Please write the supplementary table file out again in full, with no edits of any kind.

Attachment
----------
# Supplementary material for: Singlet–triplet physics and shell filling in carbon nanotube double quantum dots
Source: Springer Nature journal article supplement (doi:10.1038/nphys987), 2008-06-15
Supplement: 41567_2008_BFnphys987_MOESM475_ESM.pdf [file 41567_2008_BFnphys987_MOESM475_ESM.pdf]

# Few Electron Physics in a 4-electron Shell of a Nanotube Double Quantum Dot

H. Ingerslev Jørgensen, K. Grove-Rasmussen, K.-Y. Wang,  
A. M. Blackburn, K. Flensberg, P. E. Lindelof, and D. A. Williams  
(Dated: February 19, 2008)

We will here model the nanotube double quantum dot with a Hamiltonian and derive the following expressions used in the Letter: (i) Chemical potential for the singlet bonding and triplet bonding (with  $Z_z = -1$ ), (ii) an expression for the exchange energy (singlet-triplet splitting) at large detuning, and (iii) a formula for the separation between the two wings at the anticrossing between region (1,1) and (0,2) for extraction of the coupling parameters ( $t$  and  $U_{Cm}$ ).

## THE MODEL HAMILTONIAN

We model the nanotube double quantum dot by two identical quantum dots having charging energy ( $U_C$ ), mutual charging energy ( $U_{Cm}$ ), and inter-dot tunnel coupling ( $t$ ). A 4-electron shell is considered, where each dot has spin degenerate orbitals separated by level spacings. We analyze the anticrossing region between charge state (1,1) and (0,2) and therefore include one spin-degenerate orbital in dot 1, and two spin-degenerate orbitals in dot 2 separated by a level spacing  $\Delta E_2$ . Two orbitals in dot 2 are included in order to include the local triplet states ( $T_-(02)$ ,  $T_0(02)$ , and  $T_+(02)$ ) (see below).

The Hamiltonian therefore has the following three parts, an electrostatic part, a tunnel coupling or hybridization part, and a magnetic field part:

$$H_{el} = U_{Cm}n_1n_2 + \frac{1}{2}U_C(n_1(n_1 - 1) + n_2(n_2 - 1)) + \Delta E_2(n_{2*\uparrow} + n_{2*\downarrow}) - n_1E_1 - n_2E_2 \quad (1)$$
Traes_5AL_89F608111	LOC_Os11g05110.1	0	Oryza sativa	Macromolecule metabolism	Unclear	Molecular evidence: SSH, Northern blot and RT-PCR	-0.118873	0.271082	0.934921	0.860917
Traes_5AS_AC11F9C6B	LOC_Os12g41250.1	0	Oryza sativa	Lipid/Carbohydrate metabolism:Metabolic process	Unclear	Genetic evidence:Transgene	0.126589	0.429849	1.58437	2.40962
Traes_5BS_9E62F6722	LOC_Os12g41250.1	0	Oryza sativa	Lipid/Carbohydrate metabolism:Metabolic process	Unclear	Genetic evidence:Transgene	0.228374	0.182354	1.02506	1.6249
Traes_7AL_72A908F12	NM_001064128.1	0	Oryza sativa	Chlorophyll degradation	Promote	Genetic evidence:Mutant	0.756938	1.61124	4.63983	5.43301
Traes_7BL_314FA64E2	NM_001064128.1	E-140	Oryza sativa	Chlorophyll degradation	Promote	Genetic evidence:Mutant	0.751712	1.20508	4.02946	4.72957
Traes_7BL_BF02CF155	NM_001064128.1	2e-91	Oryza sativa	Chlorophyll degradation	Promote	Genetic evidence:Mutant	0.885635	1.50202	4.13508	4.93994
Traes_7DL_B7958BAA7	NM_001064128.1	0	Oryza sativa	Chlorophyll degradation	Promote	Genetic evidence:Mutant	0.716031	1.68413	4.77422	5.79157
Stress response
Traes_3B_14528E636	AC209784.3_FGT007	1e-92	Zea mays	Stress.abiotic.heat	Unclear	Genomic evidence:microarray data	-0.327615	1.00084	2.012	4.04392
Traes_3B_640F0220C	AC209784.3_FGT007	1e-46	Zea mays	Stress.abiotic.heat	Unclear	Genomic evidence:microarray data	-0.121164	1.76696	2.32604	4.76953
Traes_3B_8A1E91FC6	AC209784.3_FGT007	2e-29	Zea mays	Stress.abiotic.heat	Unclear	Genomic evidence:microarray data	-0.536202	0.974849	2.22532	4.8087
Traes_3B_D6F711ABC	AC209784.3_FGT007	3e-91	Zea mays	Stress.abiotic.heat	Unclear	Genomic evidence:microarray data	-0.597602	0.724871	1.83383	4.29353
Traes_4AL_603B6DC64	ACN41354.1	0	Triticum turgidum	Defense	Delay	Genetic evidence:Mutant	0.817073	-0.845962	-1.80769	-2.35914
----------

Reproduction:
# Supplementary material for: Singlet–triplet physics and shell filling in carbon nanotube double quantum dots
Source: Springer Nature journal article supplement (doi:10.1038/nphys987), 2008-06-15
Supplement: 41567_2008_BFnphys987_MOESM475_ESM.pdf [file 41567_2008_BFnphys987_MOESM475_ESM.pdf]

# Few Electron Physics in a 4-electron Shell of a Nanotube Double Quantum Dot

H. Ingerslev Jørgensen, K. Grove-Rasmussen, K.-Y. Wang,  
A. M. Blackburn, K. Flensberg, P. E. Lindelof, and D. A. Williams  
(Dated: February 19, 2008)

We will here model the nanotube double quantum dot with a Hamiltonian and derive the following expressions used in the Letter: (i) Chemical potential for the singlet bonding and triplet bonding (with  $Z_z = -1$ ), (ii) an expression for the exchange energy (singlet-triplet splitting) at large detuning, and (iii) a formula for the separation between the two wings at the anticrossing between region (1,1) and (0,2) for extraction of the coupling parameters ( $t$  and  $U_{Cm}$ ).

## THE MODEL HAMILTONIAN

We model the nanotube double quantum dot by two identical quantum dots having charging energy ( $U_C$ ), mutual charging energy ( $U_{Cm}$ ), and inter-dot tunnel coupling ( $t$ ). A 4-electron shell is considered, where each dot has spin degenerate orbitals separated by level spacings. We analyze the anticrossing region between charge state (1,1) and (0,2) and therefore include one spin-degenerate orbital in dot 1, and two spin-degenerate orbitals in dot 2 separated by a level spacing  $\Delta E_2$ . Two orbitals in dot 2 are included in order to include the local triplet states ( $T_-(02)$ ,  $T_0(02)$ , and  $T_+(02)$ ) (see below).

The Hamiltonian therefore has the following three parts, an electrostatic part, a tunnel coupling or hybridization part, and a magnetic field part:

$$H_{el} = U_{Cm}n_1n_2 + \frac{1}{2}U_C(n_1(n_1 - 1) + n_2(n_2 - 1)) + \Delta E_2(n_{2*\uparrow} + n_{2*\downarrow}) - n_1E_1 - n_2E_2 \quad (1)$$
Traes_5AL_89F608111	LOC_Os11g05110.1	0	Oryza sativa	Macromolecule metabolism	Unclear	Molecular evidence: SSH, Northern blot and RT-PCR	-0.118873	0.271082	0.934921	0.860917
Traes_5AS_AC11F9C6B	LOC_Os12g41250.1	0	Oryza sativa	Lipid/Carbohydrate metabolism:Metabolic process	Unclear	Genetic evidence:Transgene	0.126589	0.429849	1.58437	2.40962
Traes_5BS_9E62F6722	LOC_Os12g41250.1	0	Oryza sativa	Lipid/Carbohydrate metabolism:Metabolic process	Unclear	Genetic evidence:Transgene	0.228374	0.182354	1.02506	1.6249
Traes_7AL_72A908F12	NM_001064128.1	0	Oryza sativa	Chlorophyll degradation	Promote	Genetic evidence:Mutant	0.756938	1.61124	4.63983	5.43301
Traes_7BL_314FA64E2	NM_001064128.1	E-140	Oryza sativa	Chlorophyll degradation	Promote	Genetic evidence:Mutant	0.751712	1.20508	4.02946	4.72957
Traes_7BL_BF02CF155	NM_001064128.1	2e-91	Oryza sativa	Chlorophyll degradation	Promote	Genetic evidence:Mutant	0.885635	1.50202	4.13508	4.93994
Traes_7DL_B7958BAA7	NM_001064128.1	0	Oryza sativa	Chlorophyll degradation	Promote	Genetic evidence:Mutant	0.716031	1.68413	4.77422	5.79157
Stress response
Traes_3B_14528E636	AC209784.3_FGT007	1e-92	Zea mays	Stress.abiotic.heat	Unclear	Genomic evidence:microarray data	-0.327615	1.00084	2.012	4.04392
Traes_3B_640F0220C	AC209784.3_FGT007	1e-46	Zea mays	Stress.abiotic.heat	Unclear	Genomic evidence:microarray data	-0.121164	1.76696	2.32604	4.76953
Traes_3B_8A1E91FC6	AC209784.3_FGT007	2e-29	Zea mays	Stress.abiotic.heat	Unclear	Genomic evidence:microarray data	-0.536202	0.974849	2.22532	4.8087
Traes_3B_D6F711ABC	AC209784.3_FGT007	3e-91	Zea mays	Stress.abiotic.heat	Unclear	Genomic evidence:microarray data	-0.597602	0.724871	1.83383	4.29353
Traes_4AL_603B6DC64	ACN41354.1	0	Triticum turgidum	Defense	Delay	Genetic evidence:Mutant	0.817073	-0.845962	-1.80769	-2.35914